Just After Sunset by Stephen King

Short story collection in which a number of tales feature aging and sickness as themes. There are a few good stories here, a few stinkers-- the one about the port-a-potty comes to mind—and a few that are standard King fare. I always enjoy his readability and the straightforwardness with which he approaches storytelling.

The World in 10½ Chapters by Julian Barnes

Written in 1989, The World in 10½ Chapters is a fun little bit of intellectualized masturbation from a bygone era. Far too clever for its own good and erratically unpredictable, the book cavorts between various musings on the tale of Noah’s Arc, some tongue in cheek legal satire dealing /with the trial of a woodworm in sixteenth century France, and some authorially intrusive diatribes on love and heaven. It all adds up to… a playful romp without a lot of real coherence.

Zero History by William Gibson

Following in the same footsteps as Pattern Recognition and Spook Country, Gibson tells us of the modern brand elite and their machinations. An ex-addict, Milgrim, and Hollis, the former lead singer of the band Cerfew, get caught up in another of Big End/Blue Ant’s schemes in London and Paris. As with most of Gibson’s books, he presents us with a power struggle which takes place in the pantheon above normal mortals, and in which the main characters play a role they don’t understand in bringing about a power shift that changes a world one order of magnitude above the one they live in. (Case frees Wintermute from the bonds of Turing, loosing a new godhead upon the Matrix; Count Zero frees the Loa into the Matrix, changing the power from one AI god to a pantheon, and in this case, Bigend ascends to a new level of financial moguldom through the unwitting, confused efforts of Milgrim and Hollis.)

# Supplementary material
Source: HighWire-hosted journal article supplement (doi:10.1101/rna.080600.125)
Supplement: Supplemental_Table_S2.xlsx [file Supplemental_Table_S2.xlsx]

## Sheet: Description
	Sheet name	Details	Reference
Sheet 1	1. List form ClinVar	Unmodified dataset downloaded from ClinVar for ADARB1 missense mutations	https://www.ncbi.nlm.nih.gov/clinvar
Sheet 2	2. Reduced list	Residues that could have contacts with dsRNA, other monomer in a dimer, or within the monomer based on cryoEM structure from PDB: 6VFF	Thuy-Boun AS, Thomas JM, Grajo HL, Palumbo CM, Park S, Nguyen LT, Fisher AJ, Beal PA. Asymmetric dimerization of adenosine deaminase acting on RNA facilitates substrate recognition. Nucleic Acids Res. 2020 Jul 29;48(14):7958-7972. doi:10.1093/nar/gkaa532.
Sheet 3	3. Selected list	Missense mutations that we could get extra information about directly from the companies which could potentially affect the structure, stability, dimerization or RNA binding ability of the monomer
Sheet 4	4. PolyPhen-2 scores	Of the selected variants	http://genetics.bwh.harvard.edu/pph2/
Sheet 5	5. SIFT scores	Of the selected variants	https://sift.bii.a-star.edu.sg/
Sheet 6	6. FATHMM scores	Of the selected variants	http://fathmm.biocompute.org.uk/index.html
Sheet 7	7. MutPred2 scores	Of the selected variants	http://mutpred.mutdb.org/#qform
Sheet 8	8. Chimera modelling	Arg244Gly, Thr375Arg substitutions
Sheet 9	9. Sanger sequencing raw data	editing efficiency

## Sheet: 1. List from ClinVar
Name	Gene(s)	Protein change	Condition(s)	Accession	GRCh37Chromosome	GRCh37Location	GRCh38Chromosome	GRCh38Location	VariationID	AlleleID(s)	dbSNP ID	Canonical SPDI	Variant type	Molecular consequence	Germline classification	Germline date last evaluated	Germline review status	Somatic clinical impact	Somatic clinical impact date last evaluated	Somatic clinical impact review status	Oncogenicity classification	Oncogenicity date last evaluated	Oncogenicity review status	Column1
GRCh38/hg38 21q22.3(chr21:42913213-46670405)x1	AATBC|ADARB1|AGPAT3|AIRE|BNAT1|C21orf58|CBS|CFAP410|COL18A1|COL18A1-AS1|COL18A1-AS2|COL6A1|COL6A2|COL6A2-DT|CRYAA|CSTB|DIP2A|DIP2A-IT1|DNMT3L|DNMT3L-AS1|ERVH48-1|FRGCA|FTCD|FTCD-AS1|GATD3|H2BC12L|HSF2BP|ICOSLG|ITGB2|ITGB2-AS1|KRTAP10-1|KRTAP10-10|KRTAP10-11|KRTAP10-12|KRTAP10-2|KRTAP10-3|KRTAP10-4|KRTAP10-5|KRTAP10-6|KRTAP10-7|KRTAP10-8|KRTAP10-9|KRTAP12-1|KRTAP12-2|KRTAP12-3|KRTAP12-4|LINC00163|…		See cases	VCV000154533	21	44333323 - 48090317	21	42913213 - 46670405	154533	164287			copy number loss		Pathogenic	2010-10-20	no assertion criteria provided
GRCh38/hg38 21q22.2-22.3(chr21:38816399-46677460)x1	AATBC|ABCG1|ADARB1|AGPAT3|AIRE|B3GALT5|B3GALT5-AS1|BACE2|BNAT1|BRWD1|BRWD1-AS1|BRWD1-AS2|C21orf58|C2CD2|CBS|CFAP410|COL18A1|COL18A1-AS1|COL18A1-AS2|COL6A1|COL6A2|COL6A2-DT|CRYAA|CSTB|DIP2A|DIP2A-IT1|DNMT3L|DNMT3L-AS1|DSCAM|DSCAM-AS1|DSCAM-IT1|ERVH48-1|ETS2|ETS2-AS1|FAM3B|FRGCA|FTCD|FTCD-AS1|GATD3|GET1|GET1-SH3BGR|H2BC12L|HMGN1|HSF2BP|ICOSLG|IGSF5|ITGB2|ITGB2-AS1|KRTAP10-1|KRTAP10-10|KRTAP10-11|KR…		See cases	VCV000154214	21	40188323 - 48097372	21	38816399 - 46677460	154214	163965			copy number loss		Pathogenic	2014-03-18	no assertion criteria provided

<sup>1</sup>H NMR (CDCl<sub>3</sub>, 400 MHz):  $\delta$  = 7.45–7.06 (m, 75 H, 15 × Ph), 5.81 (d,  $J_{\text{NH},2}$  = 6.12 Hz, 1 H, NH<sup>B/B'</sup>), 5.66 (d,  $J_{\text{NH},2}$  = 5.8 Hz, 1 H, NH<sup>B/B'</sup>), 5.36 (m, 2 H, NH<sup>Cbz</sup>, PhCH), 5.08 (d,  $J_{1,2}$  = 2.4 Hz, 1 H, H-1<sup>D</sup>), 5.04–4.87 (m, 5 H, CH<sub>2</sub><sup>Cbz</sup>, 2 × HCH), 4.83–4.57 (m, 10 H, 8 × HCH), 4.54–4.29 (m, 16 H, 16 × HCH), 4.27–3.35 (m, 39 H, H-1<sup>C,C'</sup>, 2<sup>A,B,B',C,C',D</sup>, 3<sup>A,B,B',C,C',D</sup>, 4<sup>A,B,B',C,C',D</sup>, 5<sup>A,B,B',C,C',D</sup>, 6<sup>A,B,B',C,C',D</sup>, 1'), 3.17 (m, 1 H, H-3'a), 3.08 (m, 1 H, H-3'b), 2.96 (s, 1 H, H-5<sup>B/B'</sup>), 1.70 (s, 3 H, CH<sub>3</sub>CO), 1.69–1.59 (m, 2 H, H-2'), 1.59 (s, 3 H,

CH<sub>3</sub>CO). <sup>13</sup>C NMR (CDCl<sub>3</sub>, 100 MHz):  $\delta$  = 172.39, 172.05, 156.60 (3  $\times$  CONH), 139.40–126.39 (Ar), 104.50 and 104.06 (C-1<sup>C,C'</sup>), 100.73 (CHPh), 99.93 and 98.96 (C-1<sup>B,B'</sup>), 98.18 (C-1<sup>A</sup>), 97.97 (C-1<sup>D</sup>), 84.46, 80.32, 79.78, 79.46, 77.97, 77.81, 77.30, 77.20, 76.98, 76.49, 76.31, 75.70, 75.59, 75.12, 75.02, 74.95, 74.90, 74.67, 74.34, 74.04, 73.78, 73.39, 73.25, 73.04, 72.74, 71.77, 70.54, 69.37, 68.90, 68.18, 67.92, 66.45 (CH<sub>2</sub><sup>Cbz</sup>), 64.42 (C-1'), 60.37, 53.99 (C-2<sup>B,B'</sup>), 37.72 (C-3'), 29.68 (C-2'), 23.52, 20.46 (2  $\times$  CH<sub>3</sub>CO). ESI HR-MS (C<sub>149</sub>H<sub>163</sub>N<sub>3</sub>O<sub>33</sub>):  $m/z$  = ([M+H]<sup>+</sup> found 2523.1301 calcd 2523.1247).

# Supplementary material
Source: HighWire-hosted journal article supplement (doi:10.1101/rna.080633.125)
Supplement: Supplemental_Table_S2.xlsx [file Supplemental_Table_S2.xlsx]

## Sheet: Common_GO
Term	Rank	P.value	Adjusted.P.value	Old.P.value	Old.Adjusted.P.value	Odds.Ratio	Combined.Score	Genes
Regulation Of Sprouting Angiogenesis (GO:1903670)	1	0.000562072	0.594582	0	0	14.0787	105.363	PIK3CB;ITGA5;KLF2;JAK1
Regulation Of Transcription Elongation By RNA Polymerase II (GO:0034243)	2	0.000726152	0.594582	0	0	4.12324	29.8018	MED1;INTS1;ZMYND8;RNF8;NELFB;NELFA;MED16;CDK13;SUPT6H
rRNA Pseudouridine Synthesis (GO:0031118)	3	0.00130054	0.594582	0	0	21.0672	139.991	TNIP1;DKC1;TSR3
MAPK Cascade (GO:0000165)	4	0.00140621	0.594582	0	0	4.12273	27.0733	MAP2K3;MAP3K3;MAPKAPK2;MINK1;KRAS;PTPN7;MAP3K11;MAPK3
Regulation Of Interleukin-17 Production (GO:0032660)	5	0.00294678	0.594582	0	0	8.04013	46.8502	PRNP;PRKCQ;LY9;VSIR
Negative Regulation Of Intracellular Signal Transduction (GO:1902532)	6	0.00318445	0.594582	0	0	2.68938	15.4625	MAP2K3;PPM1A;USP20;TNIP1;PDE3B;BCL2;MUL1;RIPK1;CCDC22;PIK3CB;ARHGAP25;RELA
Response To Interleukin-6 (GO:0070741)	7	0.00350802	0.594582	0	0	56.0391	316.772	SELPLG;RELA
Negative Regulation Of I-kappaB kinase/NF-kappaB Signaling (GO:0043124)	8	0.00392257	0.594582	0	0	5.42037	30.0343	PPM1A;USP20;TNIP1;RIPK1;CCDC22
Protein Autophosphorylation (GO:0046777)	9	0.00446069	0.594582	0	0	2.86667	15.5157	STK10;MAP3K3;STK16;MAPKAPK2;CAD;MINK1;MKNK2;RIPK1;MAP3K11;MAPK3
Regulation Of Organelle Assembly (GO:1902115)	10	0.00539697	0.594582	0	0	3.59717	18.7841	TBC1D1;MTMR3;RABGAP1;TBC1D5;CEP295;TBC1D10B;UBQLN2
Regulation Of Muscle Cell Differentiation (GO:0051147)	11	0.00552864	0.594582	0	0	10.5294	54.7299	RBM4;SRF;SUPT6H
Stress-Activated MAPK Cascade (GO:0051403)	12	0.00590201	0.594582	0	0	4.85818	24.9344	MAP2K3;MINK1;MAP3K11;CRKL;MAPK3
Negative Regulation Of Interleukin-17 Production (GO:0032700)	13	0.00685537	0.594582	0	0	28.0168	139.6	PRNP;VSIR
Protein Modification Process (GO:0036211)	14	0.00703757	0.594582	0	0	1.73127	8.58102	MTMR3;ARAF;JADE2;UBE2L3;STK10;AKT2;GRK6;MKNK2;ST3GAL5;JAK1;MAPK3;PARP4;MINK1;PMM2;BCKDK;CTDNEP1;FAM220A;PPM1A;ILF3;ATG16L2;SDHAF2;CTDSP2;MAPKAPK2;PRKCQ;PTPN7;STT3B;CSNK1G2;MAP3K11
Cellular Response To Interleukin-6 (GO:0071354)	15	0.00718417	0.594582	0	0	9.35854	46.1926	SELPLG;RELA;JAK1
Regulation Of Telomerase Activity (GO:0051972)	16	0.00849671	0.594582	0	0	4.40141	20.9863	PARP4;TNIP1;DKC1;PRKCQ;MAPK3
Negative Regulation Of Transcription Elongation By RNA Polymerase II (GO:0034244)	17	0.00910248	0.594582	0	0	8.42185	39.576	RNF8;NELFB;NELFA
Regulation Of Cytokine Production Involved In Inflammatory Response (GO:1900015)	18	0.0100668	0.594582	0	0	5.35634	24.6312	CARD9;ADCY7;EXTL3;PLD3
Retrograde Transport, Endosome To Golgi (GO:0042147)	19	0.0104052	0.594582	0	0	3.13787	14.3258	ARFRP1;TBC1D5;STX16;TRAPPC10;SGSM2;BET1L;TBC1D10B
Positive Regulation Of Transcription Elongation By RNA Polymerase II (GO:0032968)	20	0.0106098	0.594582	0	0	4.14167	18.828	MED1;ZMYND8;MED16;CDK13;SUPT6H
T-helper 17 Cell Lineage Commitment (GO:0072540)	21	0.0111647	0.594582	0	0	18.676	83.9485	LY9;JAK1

It’s another fascinating look at our-world-as-cyberpunk. Ono-Sendais are replaced by iPhones, but otherwise the prose and the song remain much the same, albeit with the violent and sexy juicy bits at far greater remove. (Remember when Case spreads Molly’s labia? Here a veiled reference to a shower scene is the closest we get to sex. Remember when “someone made wet sounds in the alley and died” during the show for 3Jane? Here at a climatic moment an AK appears (but is never used.)) It’s a conscious choice to focus instead on brand intrigue, the texture of consumerism, and the stately mechinations of a media elite rather than the low-level heat of sex and violence on the streets of Chiba City. But unfortunately the story loses some animal pleasure as a result.